by Kenneth Lange Follow @KennethLange
A simple yet effective way to increase your productivity is to divide your work into 90-minute blocks and take relaxing breaks between them.
In each 90-minute block you focus intensely on a given task, so no social media, chatting, emailing, news reading, etc. You just work, work, work, and then work some more on the task at hand.
Some people has experienced that they can get as much done in a focused 90-minute block as they normally get done in a whole day!
Research shows that 90 minutes is the upper limit for how long we can stay focused. After that our minds start wandering and become less productive.
This is why you need a break after you have worked intensely for 90 minutes. It needs to be a real break away from the computer, so your brain can recover and become ready to performance at its maximum level again.
So how does such a 90-minute schedule looks in practice?
For a blogger it can look like this:
While 3x90 minutes doesn’t sound like a lot, you must remember that this is highly effective work without any procrastination. Bestselling author Tony Schwartz wrote in Harvard Business Review that he used to write for 12 hours each day and finish a book in about a year. He then switches to write in three 90-minute blocks per day and was able to finish a book in less than 6 months!
But if you really want to push it, personal development expert Steve Pavlina puts down the challenge of doing 5x90-minute blocks per day to get a whole week’s work done in a single day!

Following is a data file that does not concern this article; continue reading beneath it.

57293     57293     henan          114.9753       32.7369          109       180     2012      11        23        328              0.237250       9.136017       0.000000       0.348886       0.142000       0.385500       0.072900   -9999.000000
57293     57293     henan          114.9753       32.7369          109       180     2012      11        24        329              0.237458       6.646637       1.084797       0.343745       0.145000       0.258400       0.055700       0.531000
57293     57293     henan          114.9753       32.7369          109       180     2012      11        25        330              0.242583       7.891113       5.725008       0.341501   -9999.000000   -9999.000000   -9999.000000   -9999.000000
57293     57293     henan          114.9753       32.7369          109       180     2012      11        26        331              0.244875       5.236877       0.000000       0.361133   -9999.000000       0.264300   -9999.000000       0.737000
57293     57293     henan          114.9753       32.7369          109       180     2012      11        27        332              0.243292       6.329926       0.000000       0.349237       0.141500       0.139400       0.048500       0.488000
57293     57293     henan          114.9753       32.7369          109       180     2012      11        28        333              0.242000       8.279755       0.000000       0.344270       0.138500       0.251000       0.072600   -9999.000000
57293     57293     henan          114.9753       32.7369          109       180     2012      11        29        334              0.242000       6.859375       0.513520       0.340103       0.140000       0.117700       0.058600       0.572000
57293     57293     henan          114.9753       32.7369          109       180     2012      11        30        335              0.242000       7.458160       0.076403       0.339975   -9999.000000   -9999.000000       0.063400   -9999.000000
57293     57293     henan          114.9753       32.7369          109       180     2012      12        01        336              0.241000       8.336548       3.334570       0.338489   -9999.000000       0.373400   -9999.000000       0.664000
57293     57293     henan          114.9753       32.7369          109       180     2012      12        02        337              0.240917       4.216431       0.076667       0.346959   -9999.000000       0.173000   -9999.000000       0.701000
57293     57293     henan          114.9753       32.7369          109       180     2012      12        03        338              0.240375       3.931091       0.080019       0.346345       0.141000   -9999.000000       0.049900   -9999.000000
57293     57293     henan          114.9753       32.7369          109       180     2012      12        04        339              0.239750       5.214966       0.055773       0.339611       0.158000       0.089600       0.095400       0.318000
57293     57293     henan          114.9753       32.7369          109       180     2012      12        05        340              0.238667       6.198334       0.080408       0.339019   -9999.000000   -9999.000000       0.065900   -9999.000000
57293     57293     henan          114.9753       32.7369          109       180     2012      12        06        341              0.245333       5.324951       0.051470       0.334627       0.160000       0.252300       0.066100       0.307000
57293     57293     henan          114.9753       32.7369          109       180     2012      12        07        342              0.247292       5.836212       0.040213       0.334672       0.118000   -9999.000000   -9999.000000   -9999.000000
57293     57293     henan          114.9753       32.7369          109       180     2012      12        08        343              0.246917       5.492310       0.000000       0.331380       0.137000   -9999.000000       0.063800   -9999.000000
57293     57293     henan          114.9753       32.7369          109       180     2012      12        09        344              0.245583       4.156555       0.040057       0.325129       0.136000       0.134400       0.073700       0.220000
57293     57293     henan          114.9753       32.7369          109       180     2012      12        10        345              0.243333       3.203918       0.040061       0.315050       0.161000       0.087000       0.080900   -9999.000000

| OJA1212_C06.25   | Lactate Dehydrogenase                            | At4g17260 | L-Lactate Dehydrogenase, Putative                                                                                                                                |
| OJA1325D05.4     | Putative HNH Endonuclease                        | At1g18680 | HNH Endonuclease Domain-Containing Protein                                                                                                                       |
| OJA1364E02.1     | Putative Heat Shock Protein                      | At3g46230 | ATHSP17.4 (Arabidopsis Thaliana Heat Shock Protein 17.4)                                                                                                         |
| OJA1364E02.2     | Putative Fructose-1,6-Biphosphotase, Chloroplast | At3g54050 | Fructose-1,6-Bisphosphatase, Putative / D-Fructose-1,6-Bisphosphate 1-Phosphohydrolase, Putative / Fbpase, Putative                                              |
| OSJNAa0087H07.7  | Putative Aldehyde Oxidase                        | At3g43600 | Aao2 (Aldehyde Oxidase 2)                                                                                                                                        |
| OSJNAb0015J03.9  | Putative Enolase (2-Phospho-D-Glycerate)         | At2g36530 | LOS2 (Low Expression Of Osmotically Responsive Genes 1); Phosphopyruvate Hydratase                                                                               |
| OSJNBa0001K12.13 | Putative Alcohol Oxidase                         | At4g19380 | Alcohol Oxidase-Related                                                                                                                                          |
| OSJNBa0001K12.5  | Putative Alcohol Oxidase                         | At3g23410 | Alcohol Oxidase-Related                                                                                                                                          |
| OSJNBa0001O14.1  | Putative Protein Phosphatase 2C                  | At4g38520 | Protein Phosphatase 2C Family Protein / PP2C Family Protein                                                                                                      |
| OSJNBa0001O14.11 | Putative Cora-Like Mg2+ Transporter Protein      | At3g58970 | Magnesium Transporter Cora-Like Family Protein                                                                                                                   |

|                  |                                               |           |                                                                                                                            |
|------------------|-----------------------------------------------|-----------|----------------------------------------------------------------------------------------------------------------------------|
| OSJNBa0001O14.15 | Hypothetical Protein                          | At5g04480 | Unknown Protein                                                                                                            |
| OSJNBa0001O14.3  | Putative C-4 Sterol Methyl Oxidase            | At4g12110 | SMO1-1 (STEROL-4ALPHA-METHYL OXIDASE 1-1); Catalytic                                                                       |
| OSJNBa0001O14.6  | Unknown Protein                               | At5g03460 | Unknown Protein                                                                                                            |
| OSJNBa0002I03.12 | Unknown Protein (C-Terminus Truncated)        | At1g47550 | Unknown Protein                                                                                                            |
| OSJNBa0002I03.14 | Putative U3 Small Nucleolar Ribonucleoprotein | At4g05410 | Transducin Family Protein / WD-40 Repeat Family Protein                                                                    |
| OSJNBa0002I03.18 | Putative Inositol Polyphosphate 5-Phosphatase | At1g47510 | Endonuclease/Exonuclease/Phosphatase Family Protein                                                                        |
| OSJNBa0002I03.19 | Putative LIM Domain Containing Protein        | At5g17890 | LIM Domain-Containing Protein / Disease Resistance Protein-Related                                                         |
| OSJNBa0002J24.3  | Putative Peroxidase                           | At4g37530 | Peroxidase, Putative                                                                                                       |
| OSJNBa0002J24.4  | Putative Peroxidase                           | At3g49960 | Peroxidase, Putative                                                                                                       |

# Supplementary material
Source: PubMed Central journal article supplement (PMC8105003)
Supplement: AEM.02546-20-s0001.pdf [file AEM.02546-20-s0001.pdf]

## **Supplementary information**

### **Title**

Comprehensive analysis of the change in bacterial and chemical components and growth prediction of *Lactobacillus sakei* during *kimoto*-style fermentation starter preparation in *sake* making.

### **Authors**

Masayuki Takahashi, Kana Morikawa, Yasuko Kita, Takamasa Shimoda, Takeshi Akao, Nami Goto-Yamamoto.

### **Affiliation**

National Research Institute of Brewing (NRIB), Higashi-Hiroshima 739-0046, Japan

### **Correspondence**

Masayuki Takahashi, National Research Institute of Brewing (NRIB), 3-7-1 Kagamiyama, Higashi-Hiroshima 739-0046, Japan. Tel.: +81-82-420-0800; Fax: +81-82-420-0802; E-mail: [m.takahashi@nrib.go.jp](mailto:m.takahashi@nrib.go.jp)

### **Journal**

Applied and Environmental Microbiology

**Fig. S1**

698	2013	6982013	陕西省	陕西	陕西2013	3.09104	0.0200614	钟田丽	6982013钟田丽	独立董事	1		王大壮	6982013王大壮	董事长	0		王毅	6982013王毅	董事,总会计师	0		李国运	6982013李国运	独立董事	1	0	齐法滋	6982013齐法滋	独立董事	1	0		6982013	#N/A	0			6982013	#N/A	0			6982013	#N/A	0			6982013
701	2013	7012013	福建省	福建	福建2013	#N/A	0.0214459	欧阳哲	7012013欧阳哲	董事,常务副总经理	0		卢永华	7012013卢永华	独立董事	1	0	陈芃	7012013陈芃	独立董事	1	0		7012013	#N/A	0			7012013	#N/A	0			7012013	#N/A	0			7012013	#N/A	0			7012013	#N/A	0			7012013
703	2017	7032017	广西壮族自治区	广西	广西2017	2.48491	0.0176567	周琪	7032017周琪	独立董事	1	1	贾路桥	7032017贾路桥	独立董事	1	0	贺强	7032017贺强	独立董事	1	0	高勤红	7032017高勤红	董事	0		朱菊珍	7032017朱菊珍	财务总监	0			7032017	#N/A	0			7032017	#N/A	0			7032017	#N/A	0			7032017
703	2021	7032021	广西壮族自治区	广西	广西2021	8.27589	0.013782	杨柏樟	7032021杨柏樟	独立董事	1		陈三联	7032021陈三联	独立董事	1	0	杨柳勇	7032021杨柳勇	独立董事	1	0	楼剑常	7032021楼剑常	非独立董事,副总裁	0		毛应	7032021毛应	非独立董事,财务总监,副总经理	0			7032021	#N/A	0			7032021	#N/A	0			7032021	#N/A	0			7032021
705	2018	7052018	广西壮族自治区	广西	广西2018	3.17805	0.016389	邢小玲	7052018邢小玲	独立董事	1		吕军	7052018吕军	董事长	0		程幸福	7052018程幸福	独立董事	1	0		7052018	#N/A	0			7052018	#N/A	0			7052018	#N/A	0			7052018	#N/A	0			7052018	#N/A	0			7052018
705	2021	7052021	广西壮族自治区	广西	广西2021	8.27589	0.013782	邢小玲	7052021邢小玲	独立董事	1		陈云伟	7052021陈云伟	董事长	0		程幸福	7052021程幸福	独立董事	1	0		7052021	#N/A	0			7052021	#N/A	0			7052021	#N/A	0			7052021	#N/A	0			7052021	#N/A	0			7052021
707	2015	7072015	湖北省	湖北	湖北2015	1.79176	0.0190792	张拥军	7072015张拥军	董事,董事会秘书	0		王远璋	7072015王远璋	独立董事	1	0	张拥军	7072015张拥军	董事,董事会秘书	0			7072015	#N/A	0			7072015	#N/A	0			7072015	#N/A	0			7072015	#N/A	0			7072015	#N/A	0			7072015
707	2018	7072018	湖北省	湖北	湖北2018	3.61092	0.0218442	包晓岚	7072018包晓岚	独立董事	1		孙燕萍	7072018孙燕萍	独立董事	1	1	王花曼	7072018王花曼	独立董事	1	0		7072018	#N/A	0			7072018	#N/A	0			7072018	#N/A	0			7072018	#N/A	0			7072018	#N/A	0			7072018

For me it works best if I have a goal for each 90-minute block. It’s not needed with a specific and measurable goal, but just a rough idea of what I would like to achieve within the 90 minutes.
I also discovered that I need a physical kitchen clock with a countdown feature to make this work for me. At first I used the timer on my iPad, but after some time the screen goes dark, and I must be able to see the clock counting down all the time for maximum motivation.
My secret weapon, a kitchen timer!
Another essential element for success is to take breaks seriously(!) So don’t sit down and “do” Facebook for half an hour. Take a real break and give your mind a chance to relax and renew itself.
Here’s a quick list of ideas for break activities:
If you work in a management position (or another job with many interruptions) it can be difficult to organize your work into uninterrupted 90-minute blocks. But you should still carve out one 90-minute block per day to get the important, but not (yet!) urgent, stuff done. Everybody can do that!
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